What Are the Contraindications and Complications?
From a comorbidity perspective, Dr. Hoffman noted that well-controlled glaucoma without visual defects, or controlled diabetes with no retinopathy, are not contraindications for clear lens exchange. "However, someone with significant visual field changes, moderate macular degeneration, diabetic retinopathy or significant corneal endothelial dystrophy are not candidates for multifocal lenses. This is because with multifocal technology, not all of the light is focused on the retina. The loss of efficiency that results from multiple images focused in front of the retina may lead to unacceptable visual quality and perhaps frank dysfunctional vision in these patients. These problems may become even more exacerbated if the underlying pathologic process is progressive," he said.
Dr. Koch added that mild glaucoma is not a contraindication for clear lens exchange. However, his contraindications include clinically significant glaucoma or corneal disease and any retinal condition that can predispose to development of cystoid macular edema, such as epiretinal membranes and diabetes.
These patients require patience. There are a number of additional factors ophthalmologists should consider when deciding whether or not to perform clear lens exchange procedures. First, there is, without a doubt, more chair time involved with these patients. Dr. Milne actually has a separate questionnaire for individuals aged 50 or older requesting refractive surgery or other procedures. The survey is designed to help him determine the outcome the patient is trying to obtain, and whether the patient wants a permanent fix. "We can offer procedures such as CK or laser that cost less but are not permanent," he explained. "Clear lens exchange is twice as costly but is permanent. We must determine the patient's needs."
Billing correctly. From an ethical standpoint, the question of whether a patient is undergoing the procedure for cosmetic or therapeutic reasons can become problematic. Dr. Hoffman stressed that if the patient does not have a significant nuclear sclerotic cataract, the refractive lens exchange is, in actuality, an elective procedure. "If a doctor starts billing insurance in this situation, it is improper," he said. "Many of these patients have a little bit of nuclear sclerosis but see 20/25, and they don't have glare or decreased vision. This should not be considered cataract surgery. On the other hand, if a patient presents with significant cortical opacities, glare and refractive error, this can be billed as a cataract procedure. But there is definitely a gray zone with many patients. It is important that the doctor thoroughly documents that there is a complaint related to the patient's cataract if they choose to bill insurance for the procedure."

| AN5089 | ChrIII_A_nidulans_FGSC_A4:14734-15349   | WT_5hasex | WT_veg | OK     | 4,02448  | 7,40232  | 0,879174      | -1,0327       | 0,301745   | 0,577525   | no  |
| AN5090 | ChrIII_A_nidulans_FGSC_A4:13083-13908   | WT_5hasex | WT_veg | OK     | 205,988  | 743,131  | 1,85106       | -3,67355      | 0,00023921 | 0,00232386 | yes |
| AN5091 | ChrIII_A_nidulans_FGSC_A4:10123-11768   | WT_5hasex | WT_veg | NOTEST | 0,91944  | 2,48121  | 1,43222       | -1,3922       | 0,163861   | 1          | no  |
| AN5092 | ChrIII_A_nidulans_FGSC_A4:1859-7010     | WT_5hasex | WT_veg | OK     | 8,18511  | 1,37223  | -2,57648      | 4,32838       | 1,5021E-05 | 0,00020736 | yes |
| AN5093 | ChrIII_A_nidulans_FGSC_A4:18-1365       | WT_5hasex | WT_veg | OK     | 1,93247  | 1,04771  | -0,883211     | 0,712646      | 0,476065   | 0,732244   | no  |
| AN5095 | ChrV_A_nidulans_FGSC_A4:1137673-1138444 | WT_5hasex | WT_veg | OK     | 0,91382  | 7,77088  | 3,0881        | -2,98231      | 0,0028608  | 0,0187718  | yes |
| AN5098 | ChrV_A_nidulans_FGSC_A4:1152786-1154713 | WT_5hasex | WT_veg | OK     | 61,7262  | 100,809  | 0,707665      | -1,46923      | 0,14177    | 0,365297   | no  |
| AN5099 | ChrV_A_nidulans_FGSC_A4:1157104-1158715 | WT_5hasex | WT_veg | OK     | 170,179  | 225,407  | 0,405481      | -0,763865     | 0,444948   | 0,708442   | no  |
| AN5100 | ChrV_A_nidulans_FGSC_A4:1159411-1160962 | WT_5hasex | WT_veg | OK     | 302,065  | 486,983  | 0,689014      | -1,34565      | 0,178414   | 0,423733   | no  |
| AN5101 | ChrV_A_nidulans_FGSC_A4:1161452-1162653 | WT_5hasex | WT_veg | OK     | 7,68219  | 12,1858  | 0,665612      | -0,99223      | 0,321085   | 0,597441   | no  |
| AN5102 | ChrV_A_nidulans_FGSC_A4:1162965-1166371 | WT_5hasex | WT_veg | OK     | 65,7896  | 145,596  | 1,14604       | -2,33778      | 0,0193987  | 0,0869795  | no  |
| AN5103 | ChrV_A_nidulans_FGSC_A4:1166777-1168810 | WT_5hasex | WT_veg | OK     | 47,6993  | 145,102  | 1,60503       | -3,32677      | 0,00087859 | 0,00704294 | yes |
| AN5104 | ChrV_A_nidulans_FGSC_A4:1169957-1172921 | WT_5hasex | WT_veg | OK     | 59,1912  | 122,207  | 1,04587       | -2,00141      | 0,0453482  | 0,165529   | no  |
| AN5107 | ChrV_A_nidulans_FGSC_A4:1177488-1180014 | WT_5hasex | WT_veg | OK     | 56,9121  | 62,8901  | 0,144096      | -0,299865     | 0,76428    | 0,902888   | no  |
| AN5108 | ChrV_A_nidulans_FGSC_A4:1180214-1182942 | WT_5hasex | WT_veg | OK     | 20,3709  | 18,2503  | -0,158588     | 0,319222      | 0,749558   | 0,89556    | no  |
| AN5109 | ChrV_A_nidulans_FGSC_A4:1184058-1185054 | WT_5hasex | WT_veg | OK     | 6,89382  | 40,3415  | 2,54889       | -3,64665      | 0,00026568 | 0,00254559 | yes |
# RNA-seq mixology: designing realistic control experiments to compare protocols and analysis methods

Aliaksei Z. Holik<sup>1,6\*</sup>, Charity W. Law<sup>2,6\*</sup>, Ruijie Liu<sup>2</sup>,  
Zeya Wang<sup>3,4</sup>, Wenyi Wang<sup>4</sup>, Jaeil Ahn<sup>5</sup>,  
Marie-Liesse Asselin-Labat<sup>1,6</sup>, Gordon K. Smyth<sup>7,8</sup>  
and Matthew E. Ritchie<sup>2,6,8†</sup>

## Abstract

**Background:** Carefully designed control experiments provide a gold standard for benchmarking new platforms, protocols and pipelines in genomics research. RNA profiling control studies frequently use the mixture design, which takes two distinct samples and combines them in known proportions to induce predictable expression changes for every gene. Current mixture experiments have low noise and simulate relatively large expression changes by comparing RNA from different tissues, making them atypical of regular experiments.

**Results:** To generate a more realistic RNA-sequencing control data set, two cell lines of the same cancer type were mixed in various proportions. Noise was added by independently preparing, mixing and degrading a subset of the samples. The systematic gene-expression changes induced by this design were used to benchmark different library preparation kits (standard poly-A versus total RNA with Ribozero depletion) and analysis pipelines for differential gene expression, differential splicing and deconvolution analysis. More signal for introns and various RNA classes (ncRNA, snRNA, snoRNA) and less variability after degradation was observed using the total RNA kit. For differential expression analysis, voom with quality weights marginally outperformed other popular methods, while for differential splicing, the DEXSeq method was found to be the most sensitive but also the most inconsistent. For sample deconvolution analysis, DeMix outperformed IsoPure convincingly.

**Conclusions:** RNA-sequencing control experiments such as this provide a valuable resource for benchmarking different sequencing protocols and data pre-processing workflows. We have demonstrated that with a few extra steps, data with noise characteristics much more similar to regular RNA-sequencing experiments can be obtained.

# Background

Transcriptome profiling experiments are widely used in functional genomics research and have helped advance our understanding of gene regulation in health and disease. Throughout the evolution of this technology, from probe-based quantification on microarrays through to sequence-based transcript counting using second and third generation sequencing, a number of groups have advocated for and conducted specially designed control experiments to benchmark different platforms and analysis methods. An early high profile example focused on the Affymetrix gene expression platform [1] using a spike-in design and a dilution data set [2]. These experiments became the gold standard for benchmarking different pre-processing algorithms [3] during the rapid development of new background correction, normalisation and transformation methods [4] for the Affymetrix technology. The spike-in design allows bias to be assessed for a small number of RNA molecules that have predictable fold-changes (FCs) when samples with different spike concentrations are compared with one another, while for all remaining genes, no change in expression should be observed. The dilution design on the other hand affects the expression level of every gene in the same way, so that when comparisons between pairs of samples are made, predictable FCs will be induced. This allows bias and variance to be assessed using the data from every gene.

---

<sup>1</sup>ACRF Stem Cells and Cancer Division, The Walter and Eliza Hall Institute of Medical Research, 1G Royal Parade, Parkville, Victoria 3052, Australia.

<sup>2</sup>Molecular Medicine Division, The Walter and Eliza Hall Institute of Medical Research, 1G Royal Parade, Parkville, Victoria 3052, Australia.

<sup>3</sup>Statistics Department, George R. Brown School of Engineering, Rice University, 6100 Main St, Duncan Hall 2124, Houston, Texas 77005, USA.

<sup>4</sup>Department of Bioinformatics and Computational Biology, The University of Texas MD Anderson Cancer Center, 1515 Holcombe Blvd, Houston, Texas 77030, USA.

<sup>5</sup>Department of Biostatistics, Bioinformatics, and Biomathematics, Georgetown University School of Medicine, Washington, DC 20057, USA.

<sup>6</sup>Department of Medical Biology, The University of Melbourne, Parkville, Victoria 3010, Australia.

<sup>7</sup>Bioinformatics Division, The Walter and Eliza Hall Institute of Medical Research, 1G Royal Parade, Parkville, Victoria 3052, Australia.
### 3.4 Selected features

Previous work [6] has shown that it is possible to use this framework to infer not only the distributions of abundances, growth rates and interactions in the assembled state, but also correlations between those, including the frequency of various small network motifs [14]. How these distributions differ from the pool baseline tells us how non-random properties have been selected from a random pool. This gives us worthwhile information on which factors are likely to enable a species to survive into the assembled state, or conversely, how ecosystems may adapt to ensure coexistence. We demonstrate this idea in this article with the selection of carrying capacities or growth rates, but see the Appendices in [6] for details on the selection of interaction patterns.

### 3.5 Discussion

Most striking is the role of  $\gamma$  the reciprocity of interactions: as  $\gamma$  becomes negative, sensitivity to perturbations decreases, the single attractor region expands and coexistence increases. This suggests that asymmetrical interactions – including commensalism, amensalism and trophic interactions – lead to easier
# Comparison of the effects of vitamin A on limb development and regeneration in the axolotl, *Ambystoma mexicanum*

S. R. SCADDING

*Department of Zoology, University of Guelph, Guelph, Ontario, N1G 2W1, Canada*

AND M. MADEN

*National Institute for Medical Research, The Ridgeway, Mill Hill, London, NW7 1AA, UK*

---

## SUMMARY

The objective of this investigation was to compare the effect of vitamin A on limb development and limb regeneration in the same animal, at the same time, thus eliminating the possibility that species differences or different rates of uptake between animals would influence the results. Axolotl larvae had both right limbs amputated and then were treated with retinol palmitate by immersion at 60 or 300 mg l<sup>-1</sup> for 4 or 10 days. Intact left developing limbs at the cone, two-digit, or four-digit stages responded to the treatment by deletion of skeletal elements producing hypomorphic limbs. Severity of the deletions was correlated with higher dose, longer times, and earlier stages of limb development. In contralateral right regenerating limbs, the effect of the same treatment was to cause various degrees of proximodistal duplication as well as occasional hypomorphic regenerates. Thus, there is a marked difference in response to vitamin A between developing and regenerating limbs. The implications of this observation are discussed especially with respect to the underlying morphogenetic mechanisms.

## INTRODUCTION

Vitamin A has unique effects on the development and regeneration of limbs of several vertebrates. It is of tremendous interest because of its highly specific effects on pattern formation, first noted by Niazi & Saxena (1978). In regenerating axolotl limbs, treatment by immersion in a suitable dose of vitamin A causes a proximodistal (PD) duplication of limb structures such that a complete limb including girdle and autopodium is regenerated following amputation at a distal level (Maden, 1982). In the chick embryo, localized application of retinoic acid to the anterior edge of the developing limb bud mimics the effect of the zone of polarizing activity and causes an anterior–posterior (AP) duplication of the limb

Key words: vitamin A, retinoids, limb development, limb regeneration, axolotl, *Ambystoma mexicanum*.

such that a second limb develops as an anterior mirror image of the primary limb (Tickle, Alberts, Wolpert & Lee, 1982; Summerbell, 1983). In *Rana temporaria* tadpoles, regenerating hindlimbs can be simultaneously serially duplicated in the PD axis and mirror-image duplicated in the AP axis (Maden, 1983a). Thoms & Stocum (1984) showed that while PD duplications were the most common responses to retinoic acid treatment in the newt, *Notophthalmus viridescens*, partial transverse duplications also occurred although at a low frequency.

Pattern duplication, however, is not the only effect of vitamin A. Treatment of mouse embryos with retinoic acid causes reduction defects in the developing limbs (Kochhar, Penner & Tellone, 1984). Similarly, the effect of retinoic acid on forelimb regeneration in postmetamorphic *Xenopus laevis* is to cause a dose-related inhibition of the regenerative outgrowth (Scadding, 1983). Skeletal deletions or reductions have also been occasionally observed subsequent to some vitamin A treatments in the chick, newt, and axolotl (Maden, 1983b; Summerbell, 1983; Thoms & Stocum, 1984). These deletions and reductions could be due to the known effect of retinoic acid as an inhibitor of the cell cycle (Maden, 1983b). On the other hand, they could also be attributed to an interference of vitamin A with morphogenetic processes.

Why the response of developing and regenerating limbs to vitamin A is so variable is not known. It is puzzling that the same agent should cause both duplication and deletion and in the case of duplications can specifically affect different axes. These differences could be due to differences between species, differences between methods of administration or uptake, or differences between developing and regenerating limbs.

Anticipate a tune-up. Dr. Milne stressed that a good refractive surgeon who chooses to perform clear lens exchange must know postoperatively how to fine-tune the patient's vision, as 30 percent of patients undergoing this procedure experience a residual refractive error. They also should discuss enhancement costs with the patient prior to performing the clear lens exchange.
One option, but an irreversible one. Finally, the fact that this procedure is permanent is a double-edged sword.
On the one hand, clear lens exchange offers a permanent solution to presbyopia and possible future cataracts, and on the other it prevents patients from taking advantage of the newer lens technology that some say will be available within the next decade.
Dr. Colvard noted that "nothing in our field remains static. Innovation will continue and future technologies will bring better opportunities for our patients. The lenses we have today are good, but the IOLs of the future, which are sure to provide stronger accommodation and improved quality of vision, will be better. Baby Boomers without lens opacification who simply want correction of presbyopia, especially those with low levels of refractive error, may want to wait until these technologies evolve."
But Dr. Hoffman said that his clear lens exchange patients are very happy with the current technology. He cited a 41-year-old high hyperope he treated five years ago with the Array lens, and she is pleased with her 20/20 vision and the fact that she will be spectacle-independent for the rest of her life. "There is always something better down the road, but why wait until you are 95 to try the latest technology? There are some excellent alternatives right now."
And some old Jethro Tull fans may just take him up on that.
1 Colin J. et al. Ophthalmology 1999;106(12):2281-2284.
Meet the Experts
D. Michael Colvard, MD
In practice at Colvard Eye Center, Encino, Calif. Financial disclosure: Interests in AMO, Eyeonics and Medennium.
Richard S. Hoffman, MD
Clinical associate professor of ophthalmology at Oregon Health & Science University, Portland. Financial disclosure: None.
Douglas D. Koch, MD
Professor of ophthalmology at the Baylor College of Medicine, Houston. Financial disclosure: Receives research support from Alcon, is a speaker for Alcon and AMO, and sits on the scientific advisory board of Calhoun Vision.
Carl V. Migliazzo, MD
In practice at the Kansas City Eye Clinic in Overland Park, Kan. Financial disclosure: None.
H. L. "Rick" Milne, MD
President of The Eye Center in Columbia, S.C. Financial disclosure: None.
Kerry D. Solomon, MD
Professor of ophthalmology at the Medical University of South Carolina, Charleston. Financial disclosure: Interests in Alcon, Allergan, AMO and Bausch & Lomb.